Roy & Charlotte Lukes: The Forest of Lilliput

When is the last time you were in the forest of Lilliput? Charlotte and I could very well have been there several days ago at Whitefish Dunes State Park. The beauty of the small plants such as the fungi, mosses and ground pines brought us first to our knees and finally to our bellies.

It was a gorgeous fall morning with migrating Canada geese, thrushes and Myrtle warblers on the wing, along with some dragonflies and even one of the anglewing butterflies, presumably a comma butterfly.

The mushrooms captured Charlotte’s attention while the clubmosses, miniature forests of them, soon caught my eye. This is a very small group of plants with few close relatives in Wisconsin, really an easy assemblage of plants to learn.

The three types of plants closely related are the clubmosses, spikemosses and quillworts. Clubmosses are abundant and widely distributed in Wisconsin while the spikemosses and quillworts are uncommon to downright rare.

One would have the best luck looking for the tiny quillworts in far northern Wisconsin along shorelines or even in the water of inland lakes. Dr. Carl Taylor, formerly with the Milwaukee Public Museum, was one of the country’s quillwort experts.

Groundpine branches are more rounded. Photo by Roy Lukes.

Groundpine branches are more rounded. Photo by Roy Lukes.

Spikemosses, very small creeping plants, are pretty much restricted to southeastern and northeastern Wisconsin with one species, the northern spikemoss or selago-like spikemoss, being registered on the endangered plant list of our state. One of the few places it grows is in the Ridges Sanctuary. The more common meadow spikemoss has a little wider range but is nevertheless very tiny and difficult to spot.

Many of you know the so-called princess pine, which is one of the clubmosses. Several species resembling miniature pine trees could pass for the princess pine, including the running groundpine and the flatbranch groundpine. The reason I prefer to not use the “princess pine” name is that there is a flowering plant called the prince’s pine, and people confuse the two.

All clubmosses are non-flowering and reproduce from spores rather than seeds. Like some of their allies, the ferns and horsetails, the spores don’t develop directly into new plants but rather into very tiny male and female plants almost microscopically small. They in turn unite and grow into a mature clubmoss. This is called the alternation of generations, a very fascinating growth process.

Years ago spores of clubmosses were gathered in quantity and sold as lycopodium powder. Lycopodium (lye-co-PO-dee-um), Greek for wolf foot, is the generic name of this small group of plants. The powder is highly flammable due to its finely divided oil droplets. It was used in the manufacture of fireworks, for flash photography, to coat pills so they wouldn’t stick together, to lubricate surgeons’ rubber gloves and as an antiseptic dusting powder.

Only about 13 species and that many subspecies exist on the entire North American continent with around 100 species throughout the world. Wisconsin is fortunate to have nine species and several subspecies. Even though some are called groundpines they are not even remotely related to pines. All pines are woody and reproduce by seeds whereas the clubmosses have no cambium and reproduce by spores.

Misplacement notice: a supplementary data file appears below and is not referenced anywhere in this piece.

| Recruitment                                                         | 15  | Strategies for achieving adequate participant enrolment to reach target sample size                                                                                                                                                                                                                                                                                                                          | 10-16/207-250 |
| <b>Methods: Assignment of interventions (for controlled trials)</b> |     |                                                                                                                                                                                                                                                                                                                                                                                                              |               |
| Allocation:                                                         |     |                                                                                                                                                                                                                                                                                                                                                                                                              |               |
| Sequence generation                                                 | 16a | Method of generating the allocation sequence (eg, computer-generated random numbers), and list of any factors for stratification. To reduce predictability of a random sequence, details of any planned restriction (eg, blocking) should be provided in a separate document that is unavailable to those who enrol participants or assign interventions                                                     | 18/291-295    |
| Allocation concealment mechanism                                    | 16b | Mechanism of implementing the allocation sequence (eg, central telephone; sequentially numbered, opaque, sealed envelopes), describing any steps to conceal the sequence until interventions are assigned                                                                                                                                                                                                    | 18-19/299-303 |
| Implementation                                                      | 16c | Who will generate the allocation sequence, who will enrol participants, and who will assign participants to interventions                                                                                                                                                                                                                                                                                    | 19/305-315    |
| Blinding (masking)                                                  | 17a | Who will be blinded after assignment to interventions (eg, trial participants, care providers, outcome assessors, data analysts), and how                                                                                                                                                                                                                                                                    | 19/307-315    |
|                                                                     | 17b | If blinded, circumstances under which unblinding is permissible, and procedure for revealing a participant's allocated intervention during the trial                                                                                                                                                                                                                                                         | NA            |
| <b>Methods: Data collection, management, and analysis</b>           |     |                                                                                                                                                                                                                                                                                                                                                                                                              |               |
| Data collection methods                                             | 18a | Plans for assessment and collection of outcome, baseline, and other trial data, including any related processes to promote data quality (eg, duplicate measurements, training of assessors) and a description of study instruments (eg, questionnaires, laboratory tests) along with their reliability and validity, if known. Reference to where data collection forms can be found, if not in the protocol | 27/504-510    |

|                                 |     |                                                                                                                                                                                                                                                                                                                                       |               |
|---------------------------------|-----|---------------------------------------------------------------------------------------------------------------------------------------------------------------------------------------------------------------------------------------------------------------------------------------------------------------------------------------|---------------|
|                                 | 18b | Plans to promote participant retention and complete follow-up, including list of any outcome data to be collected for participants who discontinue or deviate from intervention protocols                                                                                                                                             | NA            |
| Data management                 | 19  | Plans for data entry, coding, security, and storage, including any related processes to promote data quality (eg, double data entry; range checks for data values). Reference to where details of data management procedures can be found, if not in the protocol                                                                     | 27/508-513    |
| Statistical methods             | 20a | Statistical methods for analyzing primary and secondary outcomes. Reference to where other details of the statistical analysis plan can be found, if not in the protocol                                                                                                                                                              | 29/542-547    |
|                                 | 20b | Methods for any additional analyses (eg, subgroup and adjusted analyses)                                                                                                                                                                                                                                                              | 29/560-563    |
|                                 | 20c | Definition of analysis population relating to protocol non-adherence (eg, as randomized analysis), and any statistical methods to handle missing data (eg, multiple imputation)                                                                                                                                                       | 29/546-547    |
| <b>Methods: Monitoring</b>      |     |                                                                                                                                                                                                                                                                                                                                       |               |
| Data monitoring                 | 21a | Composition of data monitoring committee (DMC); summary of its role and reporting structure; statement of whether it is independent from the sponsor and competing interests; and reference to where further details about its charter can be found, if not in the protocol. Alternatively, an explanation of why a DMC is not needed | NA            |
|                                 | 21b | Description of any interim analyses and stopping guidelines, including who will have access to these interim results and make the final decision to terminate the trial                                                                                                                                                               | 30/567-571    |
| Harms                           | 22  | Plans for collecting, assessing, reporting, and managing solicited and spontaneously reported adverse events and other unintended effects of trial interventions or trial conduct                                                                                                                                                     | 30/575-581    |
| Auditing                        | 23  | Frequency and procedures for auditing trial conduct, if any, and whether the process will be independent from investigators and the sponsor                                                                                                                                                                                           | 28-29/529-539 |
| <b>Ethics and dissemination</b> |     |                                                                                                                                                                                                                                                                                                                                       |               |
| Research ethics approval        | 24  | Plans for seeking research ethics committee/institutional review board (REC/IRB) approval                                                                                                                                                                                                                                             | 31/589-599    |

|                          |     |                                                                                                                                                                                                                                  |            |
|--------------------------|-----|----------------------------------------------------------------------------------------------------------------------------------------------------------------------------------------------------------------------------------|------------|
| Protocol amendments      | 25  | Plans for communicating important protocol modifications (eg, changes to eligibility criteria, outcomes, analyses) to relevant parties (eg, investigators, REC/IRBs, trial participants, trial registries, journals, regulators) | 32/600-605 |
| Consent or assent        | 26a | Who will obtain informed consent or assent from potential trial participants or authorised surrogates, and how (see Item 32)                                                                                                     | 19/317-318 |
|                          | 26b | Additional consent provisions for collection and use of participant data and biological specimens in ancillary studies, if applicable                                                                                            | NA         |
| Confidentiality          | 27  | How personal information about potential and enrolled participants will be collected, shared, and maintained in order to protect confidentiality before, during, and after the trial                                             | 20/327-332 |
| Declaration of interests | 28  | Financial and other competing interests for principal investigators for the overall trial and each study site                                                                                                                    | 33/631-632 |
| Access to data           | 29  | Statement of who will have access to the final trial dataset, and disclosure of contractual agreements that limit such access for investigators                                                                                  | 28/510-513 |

The clubmosses are low plants often connected by rootstalks. Their leaves are flat, scale-like and borne around the stem. Occasionally the leaves on the upper and lower sides of the branches are smaller giving them a flattened appearance, such as on the flat-branch groundpine.

Some species bear their spores in tiny yellow clusters, called sporangia, in the axils of the leaves, which may be like foliage leaves or sometimes smaller and light yellowish at maturity. A few, like the running clubmoss (Lycopodium clavatum) and the running groundpine (formerly Lycopodium, but now Diphasiastrum complanatum) have conspicuous clusters of long, thin yellowish cones called strobili. One could refer to these as spikes of modified leaves that contain the spores within their axils.

Two of my favorites are the flat-branched groundpine or tree clubmoss, L. obscurum, which I photographed at Whitefish Dunes, and the running groundpine. Both resemble small evergreen trees with the latter being rather irregularly branched and somewhat bunched together. The tree clubmoss is more open and fanlike in appearance. For many years people picked great quantities during late fall to be made into green wreaths for Christmas decorations.

Running clubmoss has a vine-like manner of growth rather than as a small tree. Photo by Roy Lukes.

Running clubmoss has a vine-like manner of growth rather than as a small tree. Photo by Roy Lukes.

Unfortunately this plant is extremely slow growing. Most often those who make use of these plants merely pull them out – roots and all. One yank and they’ve destroyed about 30 years of growth! I’ve seen instances where all traces of clubmosses have been eradicated from entire woodlots.

I realize that landowners are practically free to do as they wish with their own native plants. They can even enjoy them where they grow! One of our goals in life is to attempt to lead as many people as we can into the realm of understanding and appreciating native wildlife. Only through this approach can we be assured that future generations will also be able to rejoice in their awareness of the thousands of plants and animals, including the clubmosses, that can play such a meaningful role in their lives.

Get down on your knees in the woods and gaze into the “Forest of Lilliput.” The beautiful clubmosses will lure you into returning often.

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